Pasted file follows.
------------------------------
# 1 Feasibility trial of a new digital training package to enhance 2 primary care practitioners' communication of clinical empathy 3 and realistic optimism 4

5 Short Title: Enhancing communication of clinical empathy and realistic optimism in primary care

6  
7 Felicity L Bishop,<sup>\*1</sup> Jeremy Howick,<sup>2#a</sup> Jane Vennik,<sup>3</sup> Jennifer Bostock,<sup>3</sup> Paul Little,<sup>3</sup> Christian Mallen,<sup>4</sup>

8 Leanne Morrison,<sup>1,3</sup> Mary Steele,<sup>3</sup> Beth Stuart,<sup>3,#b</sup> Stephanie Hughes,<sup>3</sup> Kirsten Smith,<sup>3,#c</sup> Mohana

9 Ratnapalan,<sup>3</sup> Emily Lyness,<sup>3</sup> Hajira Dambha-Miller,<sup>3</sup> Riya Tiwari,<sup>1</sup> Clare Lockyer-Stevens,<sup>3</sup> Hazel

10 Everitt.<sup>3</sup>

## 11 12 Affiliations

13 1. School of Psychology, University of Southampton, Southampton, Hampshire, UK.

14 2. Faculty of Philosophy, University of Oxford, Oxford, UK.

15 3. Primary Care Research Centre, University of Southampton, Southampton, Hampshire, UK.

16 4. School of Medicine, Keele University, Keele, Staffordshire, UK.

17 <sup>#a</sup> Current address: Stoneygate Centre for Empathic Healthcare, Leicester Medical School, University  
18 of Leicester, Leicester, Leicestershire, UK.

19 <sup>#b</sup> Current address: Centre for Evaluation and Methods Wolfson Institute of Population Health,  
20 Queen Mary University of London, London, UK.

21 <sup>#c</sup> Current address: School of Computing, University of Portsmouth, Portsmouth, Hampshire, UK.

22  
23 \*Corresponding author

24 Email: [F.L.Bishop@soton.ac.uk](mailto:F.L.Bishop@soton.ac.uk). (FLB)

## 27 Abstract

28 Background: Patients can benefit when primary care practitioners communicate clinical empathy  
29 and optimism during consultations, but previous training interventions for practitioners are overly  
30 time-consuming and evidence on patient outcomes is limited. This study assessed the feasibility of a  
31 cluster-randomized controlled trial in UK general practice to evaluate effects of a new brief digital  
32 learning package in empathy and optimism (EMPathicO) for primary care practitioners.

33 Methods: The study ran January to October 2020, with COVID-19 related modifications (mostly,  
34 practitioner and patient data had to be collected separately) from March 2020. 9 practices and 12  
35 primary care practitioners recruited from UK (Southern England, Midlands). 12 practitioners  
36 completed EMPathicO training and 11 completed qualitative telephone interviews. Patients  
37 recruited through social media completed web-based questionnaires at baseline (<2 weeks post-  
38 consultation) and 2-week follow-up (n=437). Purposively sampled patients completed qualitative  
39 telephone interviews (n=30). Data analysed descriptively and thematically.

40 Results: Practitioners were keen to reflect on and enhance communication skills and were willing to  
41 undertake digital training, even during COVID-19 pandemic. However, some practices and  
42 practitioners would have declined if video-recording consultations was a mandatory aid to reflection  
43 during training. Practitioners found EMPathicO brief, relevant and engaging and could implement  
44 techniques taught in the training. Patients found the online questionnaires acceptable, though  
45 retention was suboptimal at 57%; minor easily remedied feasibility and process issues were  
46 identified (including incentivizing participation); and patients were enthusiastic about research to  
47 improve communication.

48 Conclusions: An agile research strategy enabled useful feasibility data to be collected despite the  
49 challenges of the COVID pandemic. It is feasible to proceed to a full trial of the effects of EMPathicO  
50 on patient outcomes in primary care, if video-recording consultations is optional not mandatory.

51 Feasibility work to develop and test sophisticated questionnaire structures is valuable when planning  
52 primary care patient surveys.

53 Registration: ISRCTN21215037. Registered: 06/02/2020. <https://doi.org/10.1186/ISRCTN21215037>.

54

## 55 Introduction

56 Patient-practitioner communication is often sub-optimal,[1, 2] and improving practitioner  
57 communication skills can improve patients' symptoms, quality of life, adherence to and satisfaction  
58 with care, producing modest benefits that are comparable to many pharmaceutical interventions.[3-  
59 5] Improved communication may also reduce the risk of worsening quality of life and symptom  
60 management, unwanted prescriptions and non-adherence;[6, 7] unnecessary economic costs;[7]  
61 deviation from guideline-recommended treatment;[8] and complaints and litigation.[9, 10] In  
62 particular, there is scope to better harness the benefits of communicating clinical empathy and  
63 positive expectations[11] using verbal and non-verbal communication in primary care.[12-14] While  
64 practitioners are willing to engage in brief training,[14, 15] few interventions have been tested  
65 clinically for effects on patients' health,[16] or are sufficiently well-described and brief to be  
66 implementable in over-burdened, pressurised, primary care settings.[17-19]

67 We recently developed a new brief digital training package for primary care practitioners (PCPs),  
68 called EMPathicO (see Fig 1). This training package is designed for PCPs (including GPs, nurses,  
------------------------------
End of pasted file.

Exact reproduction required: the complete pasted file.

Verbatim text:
# 1 Feasibility trial of a new digital training package to enhance 2 primary care practitioners' communication of clinical empathy 3 and realistic optimism 4

5 Short Title: Enhancing communication of clinical empathy and realistic optimism in primary care

6  
7 Felicity L Bishop,<sup>\*1</sup> Jeremy Howick,<sup>2#a</sup> Jane Vennik,<sup>3</sup> Jennifer Bostock,<sup>3</sup> Paul Little,<sup>3</sup> Christian Mallen,<sup>4</sup>

8 Leanne Morrison,<sup>1,3</sup> Mary Steele,<sup>3</sup> Beth Stuart,<sup>3,#b</sup> Stephanie Hughes,<sup>3</sup> Kirsten Smith,<sup>3,#c</sup> Mohana

9 Ratnapalan,<sup>3</sup> Emily Lyness,<sup>3</sup> Hajira Dambha-Miller,<sup>3</sup> Riya Tiwari,<sup>1</sup> Clare Lockyer-Stevens,<sup>3</sup> Hazel

10 Everitt.<sup>3</sup>

## 11 12 Affiliations

13 1. School of Psychology, University of Southampton, Southampton, Hampshire, UK.

14 2. Faculty of Philosophy, University of Oxford, Oxford, UK.

15 3. Primary Care Research Centre, University of Southampton, Southampton, Hampshire, UK.

16 4. School of Medicine, Keele University, Keele, Staffordshire, UK.

17 <sup>#a</sup> Current address: Stoneygate Centre for Empathic Healthcare, Leicester Medical School, University  
18 of Leicester, Leicester, Leicestershire, UK.

19 <sup>#b</sup> Current address: Centre for Evaluation and Methods Wolfson Institute of Population Health,  
20 Queen Mary University of London, London, UK.

21 <sup>#c</sup> Current address: School of Computing, University of Portsmouth, Portsmouth, Hampshire, UK.

22  
23 \*Corresponding author

24 Email: [F.L.Bishop@soton.ac.uk](mailto:F.L.Bishop@soton.ac.uk). (FLB)

## 27 Abstract

28 Background: Patients can benefit when primary care practitioners communicate clinical empathy  
29 and optimism during consultations, but previous training interventions for practitioners are overly  
30 time-consuming and evidence on patient outcomes is limited. This study assessed the feasibility of a  
31 cluster-randomized controlled trial in UK general practice to evaluate effects of a new brief digital  
32 learning package in empathy and optimism (EMPathicO) for primary care practitioners.

33 Methods: The study ran January to October 2020, with COVID-19 related modifications (mostly,  
34 practitioner and patient data had to be collected separately) from March 2020. 9 practices and 12  
35 primary care practitioners recruited from UK (Southern England, Midlands). 12 practitioners  
36 completed EMPathicO training and 11 completed qualitative telephone interviews. Patients  
37 recruited through social media completed web-based questionnaires at baseline (<2 weeks post-  
38 consultation) and 2-week follow-up (n=437). Purposively sampled patients completed qualitative  
39 telephone interviews (n=30). Data analysed descriptively and thematically.

40 Results: Practitioners were keen to reflect on and enhance communication skills and were willing to  
41 undertake digital training, even during COVID-19 pandemic. However, some practices and  
42 practitioners would have declined if video-recording consultations was a mandatory aid to reflection  
43 during training. Practitioners found EMPathicO brief, relevant and engaging and could implement  
44 techniques taught in the training. Patients found the online questionnaires acceptable, though  
45 retention was suboptimal at 57%; minor easily remedied feasibility and process issues were  
46 identified (including incentivizing participation); and patients were enthusiastic about research to  
47 improve communication.

48 Conclusions: An agile research strategy enabled useful feasibility data to be collected despite the  
49 challenges of the COVID pandemic. It is feasible to proceed to a full trial of the effects of EMPathicO  
50 on patient outcomes in primary care, if video-recording consultations is optional not mandatory.

51 Feasibility work to develop and test sophisticated questionnaire structures is valuable when planning  
52 primary care patient surveys.

53 Registration: ISRCTN21215037. Registered: 06/02/2020. <https://doi.org/10.1186/ISRCTN21215037>.

54

## 55 Introduction

56 Patient-practitioner communication is often sub-optimal,[1, 2] and improving practitioner  
57 communication skills can improve patients' symptoms, quality of life, adherence to and satisfaction  
58 with care, producing modest benefits that are comparable to many pharmaceutical interventions.[3-  
59 5] Improved communication may also reduce the risk of worsening quality of life and symptom  
60 management, unwanted prescriptions and non-adherence;[6, 7] unnecessary economic costs;[7]  
61 deviation from guideline-recommended treatment;[8] and complaints and litigation.[9, 10] In  
62 particular, there is scope to better harness the benefits of communicating clinical empathy and  
63 positive expectations[11] using verbal and non-verbal communication in primary care.[12-14] While  
64 practitioners are willing to engage in brief training,[14, 15] few interventions have been tested  
65 clinically for effects on patients' health,[16] or are sufficiently well-described and brief to be  
66 implementable in over-burdened, pressurised, primary care settings.[17-19]

67 We recently developed a new brief digital training package for primary care practitioners (PCPs),  
68 called EMPathicO (see Fig 1). This training package is designed for PCPs (including GPs, nurses,  